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Taming the Monster

Will pharma’s pursuit of marketing effectiveness continue to give it sleepless nights?


When Buster the Boxer achieved record viewing figures across paid and unpaid media, John Lewis maintained a reputation that’s seen its Christmas advert become an exemplar for marketing effectiveness. The campaign, like Monty the Penguin and the Man on the Moon before it, won prestigious gongs for creative effectiveness and captured the world’s eyeballs across multiple platforms. It even spawned a Presidential pastiche featuring Hilary and The Donald that went viral. The revenues rolled in. Buster’s adventures drove a 4.9% increase in sales in the last six weeks of 2016, including an uplift of 36% in the crucial week before Christmas.

However, just like John Lewis’s latest Christmas advert, there’s a monster lurking under the bed. Despite the commercial importance of brand awareness during the key festive period, the question remains whether brands actually realise long-term value from the huge investments they make in Christmas adverts. Analysis suggests that, like a trampolining canine, the festive bounce for many good brands is short-lived - though undeniably there are broader market dynamics in play. So the question marketers must ask themselves is this: if truly effective marketing drives long-term value, why isn’t profit - rather than reach and recognition - more religiously used as the ultimate barometer? After all, a brand is for life, not just for Christmas.

Welcome to the world of marketing effectiveness - a world which, fuelled by the proliferation of media channels and fluctuating consumer behaviours, has become a major focus across all verticals. A recent IPA study into marketing effectiveness in the digital era claims that while the digital revolution has increased the potential effectiveness of most forms of marketing, actual effectiveness has declined since the global financial crisis. A primary driver for this, it says, is the increasing focus on ROMI, which it describes as an ‘efficiency metric’. The study confirms that growth and profit are the true measures of effectiveness - and cites our bouncing boxer, Buster, as a powerful example of success.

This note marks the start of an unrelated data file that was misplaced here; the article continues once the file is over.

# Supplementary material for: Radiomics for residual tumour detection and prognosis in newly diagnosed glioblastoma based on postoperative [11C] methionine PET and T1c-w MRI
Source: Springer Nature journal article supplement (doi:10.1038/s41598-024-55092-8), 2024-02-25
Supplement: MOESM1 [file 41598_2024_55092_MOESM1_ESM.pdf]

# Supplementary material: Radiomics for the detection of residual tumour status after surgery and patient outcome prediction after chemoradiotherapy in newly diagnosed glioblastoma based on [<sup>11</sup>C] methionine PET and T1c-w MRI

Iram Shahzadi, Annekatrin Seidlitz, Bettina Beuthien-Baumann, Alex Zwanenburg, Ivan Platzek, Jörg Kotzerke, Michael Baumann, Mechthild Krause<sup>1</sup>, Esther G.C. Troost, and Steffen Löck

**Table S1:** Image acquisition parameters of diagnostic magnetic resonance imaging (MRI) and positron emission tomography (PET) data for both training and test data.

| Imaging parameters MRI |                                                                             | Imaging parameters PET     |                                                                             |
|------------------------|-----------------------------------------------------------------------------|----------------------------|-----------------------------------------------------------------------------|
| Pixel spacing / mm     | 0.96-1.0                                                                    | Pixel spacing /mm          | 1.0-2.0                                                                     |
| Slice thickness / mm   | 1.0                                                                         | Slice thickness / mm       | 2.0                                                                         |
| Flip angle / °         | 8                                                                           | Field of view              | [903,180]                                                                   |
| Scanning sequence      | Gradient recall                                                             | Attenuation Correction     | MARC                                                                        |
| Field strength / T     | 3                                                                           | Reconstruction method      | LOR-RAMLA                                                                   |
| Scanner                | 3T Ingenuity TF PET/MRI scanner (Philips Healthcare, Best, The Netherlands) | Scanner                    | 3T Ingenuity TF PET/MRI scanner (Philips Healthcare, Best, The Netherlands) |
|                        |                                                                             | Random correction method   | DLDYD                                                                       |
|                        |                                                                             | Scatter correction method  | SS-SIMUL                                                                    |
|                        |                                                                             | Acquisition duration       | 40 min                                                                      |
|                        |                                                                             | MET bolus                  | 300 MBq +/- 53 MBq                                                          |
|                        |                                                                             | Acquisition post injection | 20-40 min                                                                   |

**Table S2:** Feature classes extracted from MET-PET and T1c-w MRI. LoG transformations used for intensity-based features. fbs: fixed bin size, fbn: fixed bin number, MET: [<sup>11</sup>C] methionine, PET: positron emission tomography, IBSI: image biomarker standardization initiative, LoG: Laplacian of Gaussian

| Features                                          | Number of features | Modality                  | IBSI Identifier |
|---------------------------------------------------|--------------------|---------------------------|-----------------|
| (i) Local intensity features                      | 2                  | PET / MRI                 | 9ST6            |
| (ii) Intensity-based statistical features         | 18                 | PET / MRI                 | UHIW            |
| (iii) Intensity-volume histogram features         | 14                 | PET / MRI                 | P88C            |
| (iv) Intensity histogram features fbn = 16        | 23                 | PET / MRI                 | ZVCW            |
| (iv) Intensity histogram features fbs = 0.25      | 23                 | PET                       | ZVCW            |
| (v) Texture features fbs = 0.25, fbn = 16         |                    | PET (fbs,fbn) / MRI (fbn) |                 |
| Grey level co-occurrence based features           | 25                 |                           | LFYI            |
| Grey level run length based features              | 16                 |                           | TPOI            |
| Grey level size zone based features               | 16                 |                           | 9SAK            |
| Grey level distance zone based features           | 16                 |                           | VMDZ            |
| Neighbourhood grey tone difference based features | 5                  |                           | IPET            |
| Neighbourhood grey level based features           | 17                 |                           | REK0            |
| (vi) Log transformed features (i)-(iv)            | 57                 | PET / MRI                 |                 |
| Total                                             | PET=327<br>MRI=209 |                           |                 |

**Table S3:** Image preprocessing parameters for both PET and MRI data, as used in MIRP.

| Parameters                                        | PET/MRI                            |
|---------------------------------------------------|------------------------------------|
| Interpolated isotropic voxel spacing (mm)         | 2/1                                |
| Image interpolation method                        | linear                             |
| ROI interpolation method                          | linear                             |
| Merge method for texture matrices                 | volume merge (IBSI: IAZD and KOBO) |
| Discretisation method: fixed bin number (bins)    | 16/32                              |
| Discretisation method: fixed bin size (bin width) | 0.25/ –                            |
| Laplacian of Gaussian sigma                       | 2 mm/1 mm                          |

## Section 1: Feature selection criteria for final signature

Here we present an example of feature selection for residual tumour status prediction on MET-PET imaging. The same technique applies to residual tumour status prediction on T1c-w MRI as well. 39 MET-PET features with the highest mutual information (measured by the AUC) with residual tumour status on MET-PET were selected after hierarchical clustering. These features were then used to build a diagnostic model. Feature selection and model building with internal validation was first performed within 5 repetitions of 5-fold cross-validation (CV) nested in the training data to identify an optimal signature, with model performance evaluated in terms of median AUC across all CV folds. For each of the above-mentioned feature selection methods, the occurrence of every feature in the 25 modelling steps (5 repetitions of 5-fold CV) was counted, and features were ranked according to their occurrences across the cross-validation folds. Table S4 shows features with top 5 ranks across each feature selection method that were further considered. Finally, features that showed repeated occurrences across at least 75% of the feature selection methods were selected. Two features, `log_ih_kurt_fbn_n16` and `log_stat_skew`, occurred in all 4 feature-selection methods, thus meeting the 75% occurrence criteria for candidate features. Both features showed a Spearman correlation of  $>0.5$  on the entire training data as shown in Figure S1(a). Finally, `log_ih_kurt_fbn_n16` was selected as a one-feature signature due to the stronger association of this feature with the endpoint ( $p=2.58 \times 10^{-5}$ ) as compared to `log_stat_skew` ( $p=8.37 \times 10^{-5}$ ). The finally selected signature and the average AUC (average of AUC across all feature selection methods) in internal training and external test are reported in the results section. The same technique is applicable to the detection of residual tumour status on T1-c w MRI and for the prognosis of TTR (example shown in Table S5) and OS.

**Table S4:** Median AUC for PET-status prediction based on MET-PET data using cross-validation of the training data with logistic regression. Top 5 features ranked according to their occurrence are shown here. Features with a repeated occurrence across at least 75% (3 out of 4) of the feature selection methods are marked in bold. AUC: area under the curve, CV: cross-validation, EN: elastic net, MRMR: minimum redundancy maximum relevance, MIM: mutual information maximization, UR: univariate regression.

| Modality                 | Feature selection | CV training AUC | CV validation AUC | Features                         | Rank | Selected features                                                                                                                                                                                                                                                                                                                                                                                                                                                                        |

But achieving marketing effectiveness is profoundly difficult and even the most celebrated consumer brands find it tough. It’s therefore not surprising that the pharmaceutical industry has struggled to grasp the nettle. The industry is widely acknowledged to be behind other sectors in its application of marketing effectiveness methodologies. Historically its focus has been on salesforce effectiveness and measuring returns on a traditional commercial model that’s largely depended on reach, frequency and feet-on-the-street. However, in recent years companies have recognised that digital is here to stay and they need to fundamentally change the way they engage their customers. This shift has ushered pharma into uncharted waters where it needs to embrace more innovative models of communication and develop sophisticated means of measuring their effectiveness. Naturally, progress is slowly being made. However, there’s still some way to go before pharma establishes a culture that nurtures true marketing effectiveness. So how can it make the journey?

Half the world away

Primarily, the industry perhaps needs to reassess the strategic importance of marketing. In many organisations, such has been the historical emphasis on the salesforce that it’s often felt like marketing teams are simply the people who produce the brochures to give to the reps. That’s a crude allegation, but hold it to the light and it has a faint watermark of authenticity. For marketing to be effective, it first has to be valued - and in some organisations, that’s still half a world away. “Many companies still struggle to see the value that marketing brings,” says Ed Corbett, principal, Novasecta. “There’s often a tension between medical and marketing when, in fact, the two should be complementary. SFE commands much attention, primarily because companies need to ensure that expensive sales resources are being optimally deployed. Conversely, marketing budgets are smaller, in itself reflecting the lesser value placed on the discipline. However, at its core, marketing is a key driver of value creation.